Bellagio Publishing Network  

 BPN Newsletter Issue No 31, November 2002 


Publishing in hard times: DR Congo 1990–2000

Christophe Cassiau-Haurie
Christophe Cassiau-Haurie is Conservateur de Bibliothèque and technical assistant to the Bibliotheque Nationale du Congo. Ambassade de France en RDC, 128 bis rue de l'Université, 75 Paris Cedex 07 S.P France. email : or

Translated from the French by Sulaiman Adebowale

The 1990s were a turning point in the history of the relationship between the Democratic Republic of Congo (DRC) and the West. Following the tragic events of 1990-1991, western countries ceased structural aid co-operation with the then Zaire. The country was deserted rapidly by aid workers who used to occupy all areas of civilian life. 1 An embargo was imposed on Congo until 2000, when aid workers resumed operations in the country. The decade was a period of considerable decline: a second looting in 1993, the overthrow of Mobutu’s regime in 1997, a civil war which started in 1997 and continues to divide the country, and the assassination of President Kabila in 2001. The socio-economic consequences of this series of events have been dramatic for the population: increasing poverty, investment freeze, galloping inflation, brain drain; the list is quite long.

It is, however, useful to go beyond this negative report and look into the events of the period, devoid of all forms of external technical assistance, and try to glean something from how Congolese went about their lives amidst the turbulence. In this respect, the book is an interesting aspect to study. Writing, with its label of ‘colonial importation’, is very susceptible to the vagaries of western aid. If the book in Africa is largely imported, what was written, published and printed in the DRC between 1990 and 2000, when we, the westerners were virtually absent? When people were desperately trying to survive in a very tumultuous period that touched every area of their lives?

The book from Kongo to Congo

The book in Congo predates the colonial era. Portuguese missionaries were using printed books from 1483, at the beginning of the Kingdom of Kongo, the first Christian kingdom in sub-Saharan Africa. The first writings in the Congolese language appeared in 1624,2 the first Kikongo-Latin-Spanish dictionary was printed in 1651, following the first grammar book on the Kikongo language, Structures grammatricales de la langue kikongo, published in 1650. These books were used in the interactions between the Kingdom of Kongo and Portugal, its protector during this period.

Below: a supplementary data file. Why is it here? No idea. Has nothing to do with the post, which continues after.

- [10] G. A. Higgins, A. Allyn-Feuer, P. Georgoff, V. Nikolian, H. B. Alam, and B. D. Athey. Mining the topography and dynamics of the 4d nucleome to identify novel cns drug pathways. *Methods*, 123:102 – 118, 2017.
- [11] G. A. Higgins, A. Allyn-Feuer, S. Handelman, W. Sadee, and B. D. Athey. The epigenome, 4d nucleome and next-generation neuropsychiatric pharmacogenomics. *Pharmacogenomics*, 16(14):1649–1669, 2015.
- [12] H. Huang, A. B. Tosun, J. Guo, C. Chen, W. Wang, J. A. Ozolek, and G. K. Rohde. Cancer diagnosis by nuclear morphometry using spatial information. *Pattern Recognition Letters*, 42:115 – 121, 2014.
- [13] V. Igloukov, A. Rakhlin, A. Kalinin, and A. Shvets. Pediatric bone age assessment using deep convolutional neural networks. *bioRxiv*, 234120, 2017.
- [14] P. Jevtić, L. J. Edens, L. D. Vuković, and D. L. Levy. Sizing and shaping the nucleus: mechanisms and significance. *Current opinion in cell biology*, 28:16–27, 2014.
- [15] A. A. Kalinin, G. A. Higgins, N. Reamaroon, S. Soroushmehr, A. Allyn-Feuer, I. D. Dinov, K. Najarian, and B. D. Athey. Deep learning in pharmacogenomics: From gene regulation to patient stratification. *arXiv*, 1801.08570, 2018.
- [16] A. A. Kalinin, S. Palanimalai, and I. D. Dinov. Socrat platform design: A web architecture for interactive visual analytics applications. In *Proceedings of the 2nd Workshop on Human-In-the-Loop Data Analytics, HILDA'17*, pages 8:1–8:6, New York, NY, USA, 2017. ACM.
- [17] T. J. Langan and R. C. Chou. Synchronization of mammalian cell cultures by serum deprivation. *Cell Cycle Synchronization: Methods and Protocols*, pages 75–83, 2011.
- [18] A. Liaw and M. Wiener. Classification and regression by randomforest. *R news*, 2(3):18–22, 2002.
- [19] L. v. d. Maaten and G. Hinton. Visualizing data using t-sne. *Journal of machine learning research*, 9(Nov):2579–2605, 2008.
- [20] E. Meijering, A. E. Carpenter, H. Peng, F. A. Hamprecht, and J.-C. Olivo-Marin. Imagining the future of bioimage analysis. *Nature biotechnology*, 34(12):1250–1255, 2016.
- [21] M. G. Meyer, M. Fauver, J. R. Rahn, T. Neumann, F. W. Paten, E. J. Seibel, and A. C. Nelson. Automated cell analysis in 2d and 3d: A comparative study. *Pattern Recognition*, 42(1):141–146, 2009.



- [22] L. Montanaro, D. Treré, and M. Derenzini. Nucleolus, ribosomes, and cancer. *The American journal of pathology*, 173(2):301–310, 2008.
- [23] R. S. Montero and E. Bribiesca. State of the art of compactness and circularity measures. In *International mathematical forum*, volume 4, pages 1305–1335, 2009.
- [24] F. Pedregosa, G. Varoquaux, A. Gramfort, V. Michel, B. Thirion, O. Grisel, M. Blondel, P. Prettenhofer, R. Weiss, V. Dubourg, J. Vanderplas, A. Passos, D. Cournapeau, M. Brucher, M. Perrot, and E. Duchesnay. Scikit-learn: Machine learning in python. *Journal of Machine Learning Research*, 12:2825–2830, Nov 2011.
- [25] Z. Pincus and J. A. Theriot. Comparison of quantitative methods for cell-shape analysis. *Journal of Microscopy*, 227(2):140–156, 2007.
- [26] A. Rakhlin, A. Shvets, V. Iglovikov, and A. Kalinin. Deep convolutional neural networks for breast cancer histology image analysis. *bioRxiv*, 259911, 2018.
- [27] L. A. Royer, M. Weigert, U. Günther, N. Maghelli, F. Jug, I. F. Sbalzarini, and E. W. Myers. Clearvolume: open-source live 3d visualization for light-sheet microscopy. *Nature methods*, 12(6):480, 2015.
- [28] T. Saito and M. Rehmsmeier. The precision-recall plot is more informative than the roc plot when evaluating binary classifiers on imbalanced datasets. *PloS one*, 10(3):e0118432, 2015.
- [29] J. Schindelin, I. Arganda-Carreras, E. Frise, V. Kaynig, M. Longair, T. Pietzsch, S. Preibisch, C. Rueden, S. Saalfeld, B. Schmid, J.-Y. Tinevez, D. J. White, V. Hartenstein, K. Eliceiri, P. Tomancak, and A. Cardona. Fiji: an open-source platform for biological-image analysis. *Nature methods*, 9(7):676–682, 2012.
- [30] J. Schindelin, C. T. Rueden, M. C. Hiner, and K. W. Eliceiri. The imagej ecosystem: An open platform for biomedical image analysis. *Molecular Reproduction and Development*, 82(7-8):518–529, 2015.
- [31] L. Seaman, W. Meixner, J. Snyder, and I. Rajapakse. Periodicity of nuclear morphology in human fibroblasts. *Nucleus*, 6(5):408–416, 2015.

The colonial era clearly intensified book development in the Congo. The first writings from a Congolese author date back to 1887 for religious writings, and 1898 for the first non-confessional/ religious book. Later, Belgian colonialists built libraries, primarily for the European administrators.3 Thus the book had a vibrant tradition dating back long before that of most countries in sub-Saharan Africa.

It is difficult to know how many books are published annually in the DRC. In fact, the only way to study Congolese publishing is to use the list compiled from the legal deposits of the national library, the Bibliothèque Nationale du Congo (BNC). But the BNC does not collect all the works published each year. Inaccessible roads and bad communication linkages between provinces limit the efforts of the BNC to Kinshasa and from time to time to its environs. 4 For the cities in the east of the country (Goma, Kisangani, Bukavu, Mbandaka), as well as those in the centre (Mbuji-Mai, Kananga), covering 80 per cent of the territory, their published works are ignored by the BNC. Moreover, the charges levied by the BNC (equivalent to 85 euros) dissuade authors and publishers from depositing their works there. As a result, a lot of books are distributed illegally, without the required ISBN number. Lastly, the internal management of the BNC does not ensure that all the books deposited are registered and classified.

Although the entries at the BNC are limited, they constitute the only means at our disposal to analyse publishing output from the DRC. We can deduce several pointers from analysing the holdings of the BNC.